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You know me, I love a good historical mystery. This week, I set out on a quest to discover what the sign outside of Fraunces Tavern would have looked like in fall of 1776.

Today, the Fraunces Tavern sign in New York City features an image of George Washington in his Revolutionary War uniform—clearly not the way the sign looked in ’76.

When Samuel Fraunces opened the tavern 1762, there was a portrait of Queen Charlotte on the sign, and the tavern was thus known as the “Queen’s Head.” But taverns were also known coloquially by their proprietor’s name, i.e. “Fraunces Tavern.”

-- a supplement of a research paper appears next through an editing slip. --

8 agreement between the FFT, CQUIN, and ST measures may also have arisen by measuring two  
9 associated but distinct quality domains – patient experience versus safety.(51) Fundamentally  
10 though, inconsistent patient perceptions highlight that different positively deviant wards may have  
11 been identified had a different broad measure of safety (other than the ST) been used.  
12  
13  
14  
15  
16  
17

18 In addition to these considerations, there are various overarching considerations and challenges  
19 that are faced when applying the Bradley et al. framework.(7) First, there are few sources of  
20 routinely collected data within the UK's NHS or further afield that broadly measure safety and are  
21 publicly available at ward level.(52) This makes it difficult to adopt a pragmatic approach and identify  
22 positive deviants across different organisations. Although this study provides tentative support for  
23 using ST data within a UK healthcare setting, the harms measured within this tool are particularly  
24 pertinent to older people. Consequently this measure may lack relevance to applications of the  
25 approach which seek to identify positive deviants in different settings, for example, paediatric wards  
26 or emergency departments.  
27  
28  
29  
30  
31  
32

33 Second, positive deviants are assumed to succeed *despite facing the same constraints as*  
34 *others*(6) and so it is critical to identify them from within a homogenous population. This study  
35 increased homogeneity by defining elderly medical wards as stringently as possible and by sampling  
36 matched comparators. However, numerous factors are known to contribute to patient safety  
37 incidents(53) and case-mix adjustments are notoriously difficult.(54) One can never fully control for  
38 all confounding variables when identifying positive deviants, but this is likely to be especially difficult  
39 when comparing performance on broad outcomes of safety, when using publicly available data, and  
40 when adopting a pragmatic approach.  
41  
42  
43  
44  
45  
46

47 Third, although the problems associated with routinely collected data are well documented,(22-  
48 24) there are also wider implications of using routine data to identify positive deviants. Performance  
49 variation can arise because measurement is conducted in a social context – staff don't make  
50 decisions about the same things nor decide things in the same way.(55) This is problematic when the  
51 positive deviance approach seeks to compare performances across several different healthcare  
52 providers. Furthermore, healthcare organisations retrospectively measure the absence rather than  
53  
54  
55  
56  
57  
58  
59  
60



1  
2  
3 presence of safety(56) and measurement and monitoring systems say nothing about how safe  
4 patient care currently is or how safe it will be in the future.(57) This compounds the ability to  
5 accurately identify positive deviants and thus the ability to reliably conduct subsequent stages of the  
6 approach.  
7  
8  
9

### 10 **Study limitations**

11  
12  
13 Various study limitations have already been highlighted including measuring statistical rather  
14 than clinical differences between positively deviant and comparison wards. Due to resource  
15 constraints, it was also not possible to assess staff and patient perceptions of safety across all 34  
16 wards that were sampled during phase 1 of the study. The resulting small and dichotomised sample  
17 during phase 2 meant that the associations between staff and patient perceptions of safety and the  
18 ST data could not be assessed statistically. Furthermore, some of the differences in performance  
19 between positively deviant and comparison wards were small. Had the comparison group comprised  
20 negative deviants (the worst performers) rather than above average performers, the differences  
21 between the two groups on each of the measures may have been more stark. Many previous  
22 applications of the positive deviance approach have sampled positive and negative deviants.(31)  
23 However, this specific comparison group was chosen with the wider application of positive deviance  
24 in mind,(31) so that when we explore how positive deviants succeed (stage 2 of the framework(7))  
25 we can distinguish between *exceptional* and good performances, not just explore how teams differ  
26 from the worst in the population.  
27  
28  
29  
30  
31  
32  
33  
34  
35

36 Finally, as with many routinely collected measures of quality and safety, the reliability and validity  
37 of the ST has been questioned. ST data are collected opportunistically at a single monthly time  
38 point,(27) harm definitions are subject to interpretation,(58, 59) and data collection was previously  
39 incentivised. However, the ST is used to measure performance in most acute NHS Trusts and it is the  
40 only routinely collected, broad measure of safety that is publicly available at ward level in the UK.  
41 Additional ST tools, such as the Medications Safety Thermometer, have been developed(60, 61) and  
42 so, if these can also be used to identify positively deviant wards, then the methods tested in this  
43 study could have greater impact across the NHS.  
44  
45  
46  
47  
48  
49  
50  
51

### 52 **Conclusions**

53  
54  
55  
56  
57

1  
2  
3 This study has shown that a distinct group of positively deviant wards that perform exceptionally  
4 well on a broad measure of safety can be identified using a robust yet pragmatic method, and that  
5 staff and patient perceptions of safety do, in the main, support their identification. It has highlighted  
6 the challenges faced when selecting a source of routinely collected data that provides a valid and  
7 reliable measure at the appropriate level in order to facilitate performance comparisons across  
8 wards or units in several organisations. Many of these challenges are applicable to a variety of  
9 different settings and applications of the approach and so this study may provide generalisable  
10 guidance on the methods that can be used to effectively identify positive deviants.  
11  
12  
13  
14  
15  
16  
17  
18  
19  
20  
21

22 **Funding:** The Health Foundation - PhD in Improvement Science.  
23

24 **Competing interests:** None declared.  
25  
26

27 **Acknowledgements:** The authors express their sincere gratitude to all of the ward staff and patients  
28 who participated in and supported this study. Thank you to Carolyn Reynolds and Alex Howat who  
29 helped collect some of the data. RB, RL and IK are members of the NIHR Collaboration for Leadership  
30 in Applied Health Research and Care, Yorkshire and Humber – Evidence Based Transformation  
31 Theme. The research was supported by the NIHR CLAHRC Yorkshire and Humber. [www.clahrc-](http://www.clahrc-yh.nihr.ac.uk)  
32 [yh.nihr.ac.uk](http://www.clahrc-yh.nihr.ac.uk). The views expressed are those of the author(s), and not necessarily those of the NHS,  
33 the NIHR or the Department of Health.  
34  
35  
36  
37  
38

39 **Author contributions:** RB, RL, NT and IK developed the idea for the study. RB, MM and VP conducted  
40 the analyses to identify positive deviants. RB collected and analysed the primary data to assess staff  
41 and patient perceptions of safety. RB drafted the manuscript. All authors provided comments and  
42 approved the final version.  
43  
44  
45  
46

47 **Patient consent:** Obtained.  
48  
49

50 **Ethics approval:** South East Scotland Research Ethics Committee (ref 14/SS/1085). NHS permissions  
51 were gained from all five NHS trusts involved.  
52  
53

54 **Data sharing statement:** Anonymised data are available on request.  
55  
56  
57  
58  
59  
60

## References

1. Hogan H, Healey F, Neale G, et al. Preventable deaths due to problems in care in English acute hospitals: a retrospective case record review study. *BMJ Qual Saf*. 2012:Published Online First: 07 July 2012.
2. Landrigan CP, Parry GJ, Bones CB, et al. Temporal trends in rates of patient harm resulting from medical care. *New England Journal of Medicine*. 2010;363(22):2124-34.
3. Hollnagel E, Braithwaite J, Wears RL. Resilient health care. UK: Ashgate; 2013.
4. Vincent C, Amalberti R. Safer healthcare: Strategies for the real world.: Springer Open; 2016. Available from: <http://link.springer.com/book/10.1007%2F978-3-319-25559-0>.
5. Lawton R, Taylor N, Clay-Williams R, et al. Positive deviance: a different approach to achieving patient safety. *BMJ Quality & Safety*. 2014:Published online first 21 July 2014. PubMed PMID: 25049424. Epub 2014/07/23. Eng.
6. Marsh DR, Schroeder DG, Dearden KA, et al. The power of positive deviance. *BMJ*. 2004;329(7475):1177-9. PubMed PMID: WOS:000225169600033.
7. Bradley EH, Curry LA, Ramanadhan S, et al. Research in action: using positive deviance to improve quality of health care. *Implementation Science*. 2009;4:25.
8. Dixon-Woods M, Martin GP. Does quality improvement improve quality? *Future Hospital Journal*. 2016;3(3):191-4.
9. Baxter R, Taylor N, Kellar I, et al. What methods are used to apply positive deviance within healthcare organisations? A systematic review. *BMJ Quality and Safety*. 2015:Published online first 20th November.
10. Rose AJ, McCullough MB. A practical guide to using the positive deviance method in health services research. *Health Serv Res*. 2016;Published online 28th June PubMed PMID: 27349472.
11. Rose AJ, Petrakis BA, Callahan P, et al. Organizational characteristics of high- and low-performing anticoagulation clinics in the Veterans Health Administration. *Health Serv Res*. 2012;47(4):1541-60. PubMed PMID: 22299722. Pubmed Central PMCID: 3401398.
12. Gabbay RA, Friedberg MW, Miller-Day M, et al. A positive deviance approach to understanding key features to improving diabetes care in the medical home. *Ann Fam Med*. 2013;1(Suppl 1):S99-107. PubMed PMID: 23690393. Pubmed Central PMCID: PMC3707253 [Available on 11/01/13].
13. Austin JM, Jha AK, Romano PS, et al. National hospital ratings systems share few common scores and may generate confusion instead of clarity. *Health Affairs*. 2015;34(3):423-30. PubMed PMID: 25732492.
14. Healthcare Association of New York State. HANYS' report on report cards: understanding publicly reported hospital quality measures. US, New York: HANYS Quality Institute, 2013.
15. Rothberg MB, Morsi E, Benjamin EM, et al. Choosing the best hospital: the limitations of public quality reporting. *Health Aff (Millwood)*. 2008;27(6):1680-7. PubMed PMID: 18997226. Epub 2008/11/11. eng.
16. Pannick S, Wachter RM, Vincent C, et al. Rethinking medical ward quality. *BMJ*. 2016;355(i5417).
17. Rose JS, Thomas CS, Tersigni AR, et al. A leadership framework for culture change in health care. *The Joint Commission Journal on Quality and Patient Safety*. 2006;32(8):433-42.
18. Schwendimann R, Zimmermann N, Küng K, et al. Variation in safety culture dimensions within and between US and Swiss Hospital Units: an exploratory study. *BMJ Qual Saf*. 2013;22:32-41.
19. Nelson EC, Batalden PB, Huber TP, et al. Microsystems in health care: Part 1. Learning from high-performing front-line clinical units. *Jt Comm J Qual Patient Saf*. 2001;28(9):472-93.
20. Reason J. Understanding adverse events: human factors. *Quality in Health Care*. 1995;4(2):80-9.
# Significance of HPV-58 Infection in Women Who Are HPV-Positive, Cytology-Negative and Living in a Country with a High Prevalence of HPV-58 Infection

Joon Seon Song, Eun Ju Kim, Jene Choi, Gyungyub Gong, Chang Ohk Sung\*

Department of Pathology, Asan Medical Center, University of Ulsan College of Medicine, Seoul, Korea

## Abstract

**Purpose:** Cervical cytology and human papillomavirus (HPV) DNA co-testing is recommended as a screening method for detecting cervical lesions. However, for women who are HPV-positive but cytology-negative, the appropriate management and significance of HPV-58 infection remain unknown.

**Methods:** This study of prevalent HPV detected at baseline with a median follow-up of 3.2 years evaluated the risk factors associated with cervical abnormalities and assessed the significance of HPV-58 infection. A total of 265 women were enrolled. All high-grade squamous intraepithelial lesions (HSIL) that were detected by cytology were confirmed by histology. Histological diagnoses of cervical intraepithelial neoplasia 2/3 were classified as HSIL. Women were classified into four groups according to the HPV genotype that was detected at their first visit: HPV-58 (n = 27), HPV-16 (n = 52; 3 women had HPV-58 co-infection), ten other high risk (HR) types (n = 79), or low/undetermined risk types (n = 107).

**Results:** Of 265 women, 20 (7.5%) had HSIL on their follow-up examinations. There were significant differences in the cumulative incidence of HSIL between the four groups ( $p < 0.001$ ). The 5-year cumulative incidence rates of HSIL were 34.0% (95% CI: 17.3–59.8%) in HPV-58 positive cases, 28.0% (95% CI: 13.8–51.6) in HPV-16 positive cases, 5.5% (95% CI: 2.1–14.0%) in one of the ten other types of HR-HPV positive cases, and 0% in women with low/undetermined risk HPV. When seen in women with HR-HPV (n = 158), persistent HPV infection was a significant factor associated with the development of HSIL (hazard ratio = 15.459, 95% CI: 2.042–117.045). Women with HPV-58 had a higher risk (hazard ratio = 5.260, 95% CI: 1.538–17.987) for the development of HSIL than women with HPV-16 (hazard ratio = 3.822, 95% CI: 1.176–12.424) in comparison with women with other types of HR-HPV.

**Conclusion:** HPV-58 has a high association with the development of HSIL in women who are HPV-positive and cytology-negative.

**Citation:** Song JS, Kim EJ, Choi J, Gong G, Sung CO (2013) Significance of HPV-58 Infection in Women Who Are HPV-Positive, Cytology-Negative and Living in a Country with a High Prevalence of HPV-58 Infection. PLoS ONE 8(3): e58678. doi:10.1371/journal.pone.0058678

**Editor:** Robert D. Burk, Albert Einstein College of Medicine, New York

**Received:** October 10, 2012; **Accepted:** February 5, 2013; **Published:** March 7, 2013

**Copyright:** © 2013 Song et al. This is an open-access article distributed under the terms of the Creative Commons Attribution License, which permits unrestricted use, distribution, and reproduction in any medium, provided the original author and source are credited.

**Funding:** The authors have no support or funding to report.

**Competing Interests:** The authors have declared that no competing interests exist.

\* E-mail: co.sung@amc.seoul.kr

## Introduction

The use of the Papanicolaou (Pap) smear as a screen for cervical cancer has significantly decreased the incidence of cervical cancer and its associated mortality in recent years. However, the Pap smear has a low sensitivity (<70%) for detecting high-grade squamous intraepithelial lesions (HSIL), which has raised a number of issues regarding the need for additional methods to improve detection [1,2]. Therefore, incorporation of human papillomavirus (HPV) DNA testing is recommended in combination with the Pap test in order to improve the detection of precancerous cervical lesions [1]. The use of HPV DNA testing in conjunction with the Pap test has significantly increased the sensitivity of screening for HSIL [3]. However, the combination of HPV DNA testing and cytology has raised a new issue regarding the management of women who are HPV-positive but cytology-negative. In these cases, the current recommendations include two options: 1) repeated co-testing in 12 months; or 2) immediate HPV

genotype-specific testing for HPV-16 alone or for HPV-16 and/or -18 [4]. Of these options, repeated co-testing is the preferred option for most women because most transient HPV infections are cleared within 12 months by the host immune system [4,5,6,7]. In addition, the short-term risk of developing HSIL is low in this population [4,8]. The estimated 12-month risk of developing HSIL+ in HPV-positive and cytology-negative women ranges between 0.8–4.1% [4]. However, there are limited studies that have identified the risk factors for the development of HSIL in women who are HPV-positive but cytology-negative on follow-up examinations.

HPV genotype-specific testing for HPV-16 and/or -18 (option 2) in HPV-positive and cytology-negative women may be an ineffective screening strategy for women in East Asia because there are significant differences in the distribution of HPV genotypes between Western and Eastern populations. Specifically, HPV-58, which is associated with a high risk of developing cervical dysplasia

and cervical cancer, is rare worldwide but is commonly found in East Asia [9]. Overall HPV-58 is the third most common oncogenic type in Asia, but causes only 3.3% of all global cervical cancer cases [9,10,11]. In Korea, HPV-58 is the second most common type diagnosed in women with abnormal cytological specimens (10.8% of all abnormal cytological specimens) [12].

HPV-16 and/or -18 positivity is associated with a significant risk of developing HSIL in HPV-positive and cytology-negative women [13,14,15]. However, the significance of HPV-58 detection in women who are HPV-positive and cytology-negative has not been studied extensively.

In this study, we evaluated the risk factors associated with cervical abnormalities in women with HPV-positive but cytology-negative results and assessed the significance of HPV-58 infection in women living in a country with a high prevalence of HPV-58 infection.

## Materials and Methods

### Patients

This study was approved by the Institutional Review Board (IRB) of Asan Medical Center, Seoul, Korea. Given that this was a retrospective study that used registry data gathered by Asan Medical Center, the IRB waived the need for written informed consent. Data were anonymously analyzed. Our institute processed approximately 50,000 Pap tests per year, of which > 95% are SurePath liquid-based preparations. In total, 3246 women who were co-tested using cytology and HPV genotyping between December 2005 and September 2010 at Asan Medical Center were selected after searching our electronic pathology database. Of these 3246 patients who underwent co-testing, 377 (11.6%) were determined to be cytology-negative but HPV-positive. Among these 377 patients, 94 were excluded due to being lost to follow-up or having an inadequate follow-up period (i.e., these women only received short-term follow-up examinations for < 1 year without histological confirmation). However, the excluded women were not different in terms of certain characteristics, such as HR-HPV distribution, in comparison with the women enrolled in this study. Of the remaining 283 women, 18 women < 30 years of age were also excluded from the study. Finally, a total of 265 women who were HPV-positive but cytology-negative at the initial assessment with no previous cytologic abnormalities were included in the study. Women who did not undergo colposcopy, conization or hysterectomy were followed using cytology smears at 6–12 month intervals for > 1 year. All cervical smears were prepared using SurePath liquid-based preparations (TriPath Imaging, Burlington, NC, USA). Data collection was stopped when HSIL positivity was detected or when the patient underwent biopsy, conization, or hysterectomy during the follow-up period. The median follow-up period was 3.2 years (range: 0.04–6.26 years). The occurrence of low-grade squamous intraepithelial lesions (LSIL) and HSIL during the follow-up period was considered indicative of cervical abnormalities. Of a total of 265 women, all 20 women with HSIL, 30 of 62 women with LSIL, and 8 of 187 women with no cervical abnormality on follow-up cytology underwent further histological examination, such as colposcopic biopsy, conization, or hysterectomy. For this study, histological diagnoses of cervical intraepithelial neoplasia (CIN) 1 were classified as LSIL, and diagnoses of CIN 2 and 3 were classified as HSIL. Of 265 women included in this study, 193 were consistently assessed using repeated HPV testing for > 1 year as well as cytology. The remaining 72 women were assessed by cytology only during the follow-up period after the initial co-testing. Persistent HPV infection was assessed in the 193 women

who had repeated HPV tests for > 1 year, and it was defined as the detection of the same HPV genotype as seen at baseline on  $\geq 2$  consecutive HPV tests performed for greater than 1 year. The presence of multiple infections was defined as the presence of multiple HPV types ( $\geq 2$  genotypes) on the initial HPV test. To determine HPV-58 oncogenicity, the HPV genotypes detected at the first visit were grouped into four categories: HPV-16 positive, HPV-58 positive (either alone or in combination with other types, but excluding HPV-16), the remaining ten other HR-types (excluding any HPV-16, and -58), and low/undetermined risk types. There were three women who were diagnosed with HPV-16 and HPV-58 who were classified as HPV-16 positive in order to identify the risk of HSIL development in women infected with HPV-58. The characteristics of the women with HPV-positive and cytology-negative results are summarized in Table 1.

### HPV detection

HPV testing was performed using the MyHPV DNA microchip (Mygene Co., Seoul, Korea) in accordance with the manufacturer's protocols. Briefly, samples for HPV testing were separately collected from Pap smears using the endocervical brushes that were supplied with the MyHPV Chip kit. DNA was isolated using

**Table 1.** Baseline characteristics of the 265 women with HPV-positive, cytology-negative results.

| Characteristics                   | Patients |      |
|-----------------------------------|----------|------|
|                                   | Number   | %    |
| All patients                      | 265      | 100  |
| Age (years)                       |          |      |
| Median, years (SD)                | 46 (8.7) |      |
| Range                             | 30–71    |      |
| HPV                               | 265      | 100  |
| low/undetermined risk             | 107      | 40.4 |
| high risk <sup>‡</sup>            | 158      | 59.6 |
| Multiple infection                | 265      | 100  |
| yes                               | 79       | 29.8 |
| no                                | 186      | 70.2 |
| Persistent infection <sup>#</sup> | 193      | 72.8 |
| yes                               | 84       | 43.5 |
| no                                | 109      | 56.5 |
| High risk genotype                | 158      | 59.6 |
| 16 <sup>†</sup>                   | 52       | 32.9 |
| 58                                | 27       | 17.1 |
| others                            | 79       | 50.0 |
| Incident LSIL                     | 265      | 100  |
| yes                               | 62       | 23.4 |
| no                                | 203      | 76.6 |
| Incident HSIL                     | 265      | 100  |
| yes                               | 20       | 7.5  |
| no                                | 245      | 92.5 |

I reached out to try to find out when the sign out front might’ve been changed. Was it after Independence—had they taken down the Queen’s Head, when they tore down the statue of King George (and melted him into musket balls…)? Or was after the war, when the British removed themselves from the city for good?

No one could answer me definitely, so I used this image, found on the Fraunces Tavern site. It says “Fraunces Tavern” but has an image of the crown. No one could tell me if this was a recreation of a historic sign, which might imply that the name on the sign was changed from “Queen’s Head” to “Fraunces” before the war was over.

If anyone has a definitive answer for which sign was hanging in the fall of ’76, I’d love to know!

And if you’re headed to Comic Con, come to my panel!


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